Endotracheal Tube Size
Length-based resuscitation tapes are helpful and more accurate than age-based formula estimates of endotracheal tube size for children up to approximately 35 kg,77,95,96 even for children with short stature.97
[2]

and we have a pedi bag. It is geared with equipment that is for pedis infants and neonate pt only. We have an OB kit in this bag also because most people forget that a preg. female can turn into multiple pts real quick.

How much of that pediatric gear is just duplicating adult gear and how much is unique pediatric gear that takes up significant space?

Very little extra space is needed for the pediatric gear. The pediatric gear takes up about the same amount of space as the OB (OBstetrical) kit. Not enough to need a separate bag.

We can work with 2 bags but three is a lot better.

That can be just a matter of personal preference, if we bring all of the bags with us on every call. The problem is that some people do not bring all of the ALS gear on every call. When working out of a fly car, that means that we cannot even go back to the car to get the gear until after we are returned to the scene, which may be several calls later. Some of these calls may be pediatric calls and if that pediatric gear is still in the fly car, what do we do for our pediatric patient with nothing but adult gear?

But I do agree that airway kits should cover all ages and med bags cover all ages.

If we already have most of the pediatric equipment with us, why not add the little bit of pediatric equipment that is not airway?

Even the IO (IntraOsseous) needles/gun are now part of the adult equipment. That leaves the pediatric doses of bicarb and dextrose, which we can make on out own out of the adult containers by eliminating half of the contents and replacing with saline out of an IV bag. Instant half strength medication. Not instant, but not that much longer. If i cannot measure half of a pre-filled syringe, than I should not be giving medications to any pediatric patients.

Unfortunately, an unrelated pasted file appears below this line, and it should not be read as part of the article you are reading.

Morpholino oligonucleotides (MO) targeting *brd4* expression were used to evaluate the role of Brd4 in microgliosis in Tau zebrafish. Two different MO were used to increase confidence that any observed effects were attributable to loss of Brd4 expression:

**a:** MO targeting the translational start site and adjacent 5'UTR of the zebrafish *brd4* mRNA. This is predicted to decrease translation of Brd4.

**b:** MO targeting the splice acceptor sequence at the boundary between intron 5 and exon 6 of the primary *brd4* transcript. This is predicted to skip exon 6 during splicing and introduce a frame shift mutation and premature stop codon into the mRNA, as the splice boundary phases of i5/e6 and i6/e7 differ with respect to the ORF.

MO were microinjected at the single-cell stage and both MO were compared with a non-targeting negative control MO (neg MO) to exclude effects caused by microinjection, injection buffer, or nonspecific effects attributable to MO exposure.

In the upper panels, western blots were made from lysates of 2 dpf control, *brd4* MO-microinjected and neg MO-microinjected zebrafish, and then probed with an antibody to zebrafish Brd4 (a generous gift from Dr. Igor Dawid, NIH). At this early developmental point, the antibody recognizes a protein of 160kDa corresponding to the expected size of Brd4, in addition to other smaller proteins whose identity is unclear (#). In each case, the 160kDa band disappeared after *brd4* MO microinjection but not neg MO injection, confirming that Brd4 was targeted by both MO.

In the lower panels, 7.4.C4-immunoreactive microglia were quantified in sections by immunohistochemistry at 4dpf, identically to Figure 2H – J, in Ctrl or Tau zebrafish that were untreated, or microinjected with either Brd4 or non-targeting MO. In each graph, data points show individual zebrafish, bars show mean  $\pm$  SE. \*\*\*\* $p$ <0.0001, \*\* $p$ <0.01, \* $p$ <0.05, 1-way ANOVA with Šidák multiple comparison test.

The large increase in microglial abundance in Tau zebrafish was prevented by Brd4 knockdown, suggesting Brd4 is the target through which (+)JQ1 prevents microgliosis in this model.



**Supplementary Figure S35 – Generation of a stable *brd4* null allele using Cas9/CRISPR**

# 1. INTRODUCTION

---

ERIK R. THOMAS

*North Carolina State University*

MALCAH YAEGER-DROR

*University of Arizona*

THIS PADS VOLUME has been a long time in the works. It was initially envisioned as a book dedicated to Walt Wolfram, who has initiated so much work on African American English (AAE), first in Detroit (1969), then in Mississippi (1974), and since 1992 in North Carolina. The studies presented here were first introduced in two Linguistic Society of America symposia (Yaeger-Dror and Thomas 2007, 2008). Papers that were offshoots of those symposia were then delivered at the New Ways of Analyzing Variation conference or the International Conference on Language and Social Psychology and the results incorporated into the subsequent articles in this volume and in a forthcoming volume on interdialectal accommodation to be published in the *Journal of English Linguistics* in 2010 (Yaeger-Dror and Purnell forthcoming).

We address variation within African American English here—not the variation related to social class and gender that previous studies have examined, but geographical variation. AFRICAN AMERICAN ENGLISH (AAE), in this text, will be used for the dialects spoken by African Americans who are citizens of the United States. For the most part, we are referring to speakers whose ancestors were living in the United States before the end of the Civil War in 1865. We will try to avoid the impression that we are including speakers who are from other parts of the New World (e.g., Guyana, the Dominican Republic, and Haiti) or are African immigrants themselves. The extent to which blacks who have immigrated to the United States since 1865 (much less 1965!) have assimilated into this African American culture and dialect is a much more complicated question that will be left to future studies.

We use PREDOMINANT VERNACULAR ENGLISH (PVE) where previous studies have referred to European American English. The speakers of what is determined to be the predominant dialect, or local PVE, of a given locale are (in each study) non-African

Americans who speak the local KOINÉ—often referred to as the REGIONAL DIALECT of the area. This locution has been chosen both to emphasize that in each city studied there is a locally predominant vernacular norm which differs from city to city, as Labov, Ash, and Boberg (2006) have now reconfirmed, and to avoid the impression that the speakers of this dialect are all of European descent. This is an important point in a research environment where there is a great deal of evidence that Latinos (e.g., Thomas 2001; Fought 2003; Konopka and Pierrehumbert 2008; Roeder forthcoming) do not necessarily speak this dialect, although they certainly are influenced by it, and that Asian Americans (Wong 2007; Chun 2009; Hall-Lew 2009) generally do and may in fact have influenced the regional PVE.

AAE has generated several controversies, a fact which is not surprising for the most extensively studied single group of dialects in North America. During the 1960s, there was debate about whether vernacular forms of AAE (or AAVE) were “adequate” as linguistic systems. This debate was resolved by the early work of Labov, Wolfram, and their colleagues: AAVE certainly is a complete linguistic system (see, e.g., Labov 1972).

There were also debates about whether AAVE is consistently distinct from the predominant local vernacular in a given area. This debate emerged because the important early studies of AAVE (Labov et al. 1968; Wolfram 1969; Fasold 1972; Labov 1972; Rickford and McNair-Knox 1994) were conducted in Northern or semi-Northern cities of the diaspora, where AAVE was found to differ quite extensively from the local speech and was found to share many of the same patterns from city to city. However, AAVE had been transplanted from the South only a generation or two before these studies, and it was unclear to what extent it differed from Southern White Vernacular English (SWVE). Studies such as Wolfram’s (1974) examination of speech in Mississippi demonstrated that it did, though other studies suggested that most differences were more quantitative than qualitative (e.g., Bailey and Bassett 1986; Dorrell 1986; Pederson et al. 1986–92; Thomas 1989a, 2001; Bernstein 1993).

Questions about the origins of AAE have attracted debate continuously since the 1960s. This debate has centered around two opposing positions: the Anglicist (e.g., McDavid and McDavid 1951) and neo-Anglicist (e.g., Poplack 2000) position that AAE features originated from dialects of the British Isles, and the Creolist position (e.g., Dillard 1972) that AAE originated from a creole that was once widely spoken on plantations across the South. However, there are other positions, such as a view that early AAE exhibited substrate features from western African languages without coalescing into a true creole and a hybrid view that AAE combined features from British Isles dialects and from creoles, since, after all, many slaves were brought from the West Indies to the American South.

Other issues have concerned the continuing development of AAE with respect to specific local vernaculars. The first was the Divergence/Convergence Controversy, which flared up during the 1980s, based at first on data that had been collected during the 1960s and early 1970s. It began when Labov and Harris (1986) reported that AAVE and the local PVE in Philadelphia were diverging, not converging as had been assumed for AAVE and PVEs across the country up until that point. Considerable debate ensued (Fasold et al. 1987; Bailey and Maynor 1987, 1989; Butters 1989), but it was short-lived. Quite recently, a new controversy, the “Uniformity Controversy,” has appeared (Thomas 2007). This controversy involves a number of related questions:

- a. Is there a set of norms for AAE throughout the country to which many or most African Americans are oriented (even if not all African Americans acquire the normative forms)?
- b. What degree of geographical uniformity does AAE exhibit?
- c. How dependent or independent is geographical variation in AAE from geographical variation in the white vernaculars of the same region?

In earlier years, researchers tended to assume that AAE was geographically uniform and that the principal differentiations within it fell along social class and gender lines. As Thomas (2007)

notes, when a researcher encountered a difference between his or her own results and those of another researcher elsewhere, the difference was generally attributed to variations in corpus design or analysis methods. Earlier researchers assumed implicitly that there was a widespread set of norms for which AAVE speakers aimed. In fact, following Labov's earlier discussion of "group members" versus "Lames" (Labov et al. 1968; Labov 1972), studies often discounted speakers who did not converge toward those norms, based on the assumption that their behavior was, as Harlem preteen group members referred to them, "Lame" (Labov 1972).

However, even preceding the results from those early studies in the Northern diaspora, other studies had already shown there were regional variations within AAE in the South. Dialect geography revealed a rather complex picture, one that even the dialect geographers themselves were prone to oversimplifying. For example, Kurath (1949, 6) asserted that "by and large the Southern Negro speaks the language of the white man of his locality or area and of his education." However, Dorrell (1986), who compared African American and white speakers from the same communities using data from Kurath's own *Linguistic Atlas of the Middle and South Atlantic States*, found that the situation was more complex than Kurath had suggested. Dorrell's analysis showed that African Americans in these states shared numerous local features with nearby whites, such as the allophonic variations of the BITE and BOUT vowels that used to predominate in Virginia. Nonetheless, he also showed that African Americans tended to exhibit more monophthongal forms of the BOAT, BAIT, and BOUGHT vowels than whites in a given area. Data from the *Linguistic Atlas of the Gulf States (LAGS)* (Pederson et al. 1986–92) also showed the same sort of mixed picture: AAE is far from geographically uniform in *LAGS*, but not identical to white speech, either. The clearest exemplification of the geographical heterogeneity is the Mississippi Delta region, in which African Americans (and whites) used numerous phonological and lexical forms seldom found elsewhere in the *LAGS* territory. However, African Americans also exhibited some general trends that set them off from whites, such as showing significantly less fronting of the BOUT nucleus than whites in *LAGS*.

Now that said to help keep from getting caught in a bad situations, expect the worst on every run.

I agree.

Footnotes:

[1] Estimating Weight
2010 American Heart Association Guidelines for Cardiopulmonary Resuscitation and Emergency Cardiovascular Care Science
Part 14: Pediatric Advanced Life Support
Emergency Fluids and Medications
Free Full Text from AHA with link to Free Full Text PDF

[2] Endotracheal Tube Size
2010 American Heart Association Guidelines for Cardiopulmonary Resuscitation and Emergency Cardiovascular Care Science
Part 14: Pediatric Advanced Life Support
BLS Considerations During PALS
Free Full Text from AHA with link to Free Full Text PDF

Comments

  1. Our peds bag is almost universally BLS equipment, except for an IV kt (no fluids or sets except for a flush/lock, assumption being that the full-first in bag with those items also goes in on every call anyway). OPAs and NPAs (which are repeated in the primary first-in bag), pedi/infant BP cuffs, pedi stethoscope, Pedi/infant O2 masks and cannulas, and a pedi/infant BVMs. No drugs in the pedi bag, and only BLS meds in the first-in bag. OB kits stay in the truck. Wound care items round out the peds bag.

    All the ETI stuff stays with the ETI kit in the primary bag. The one weakness I see is the Broslow being in the pedi bag. I’d honestly rather have it in the drug box.

    Since our ALS/BLS staffing varies by shift, we don’t have an ALS bag. We just have a bag with a little of column A and a little of column B; it weighs about 30 pounds and has no room left for anything.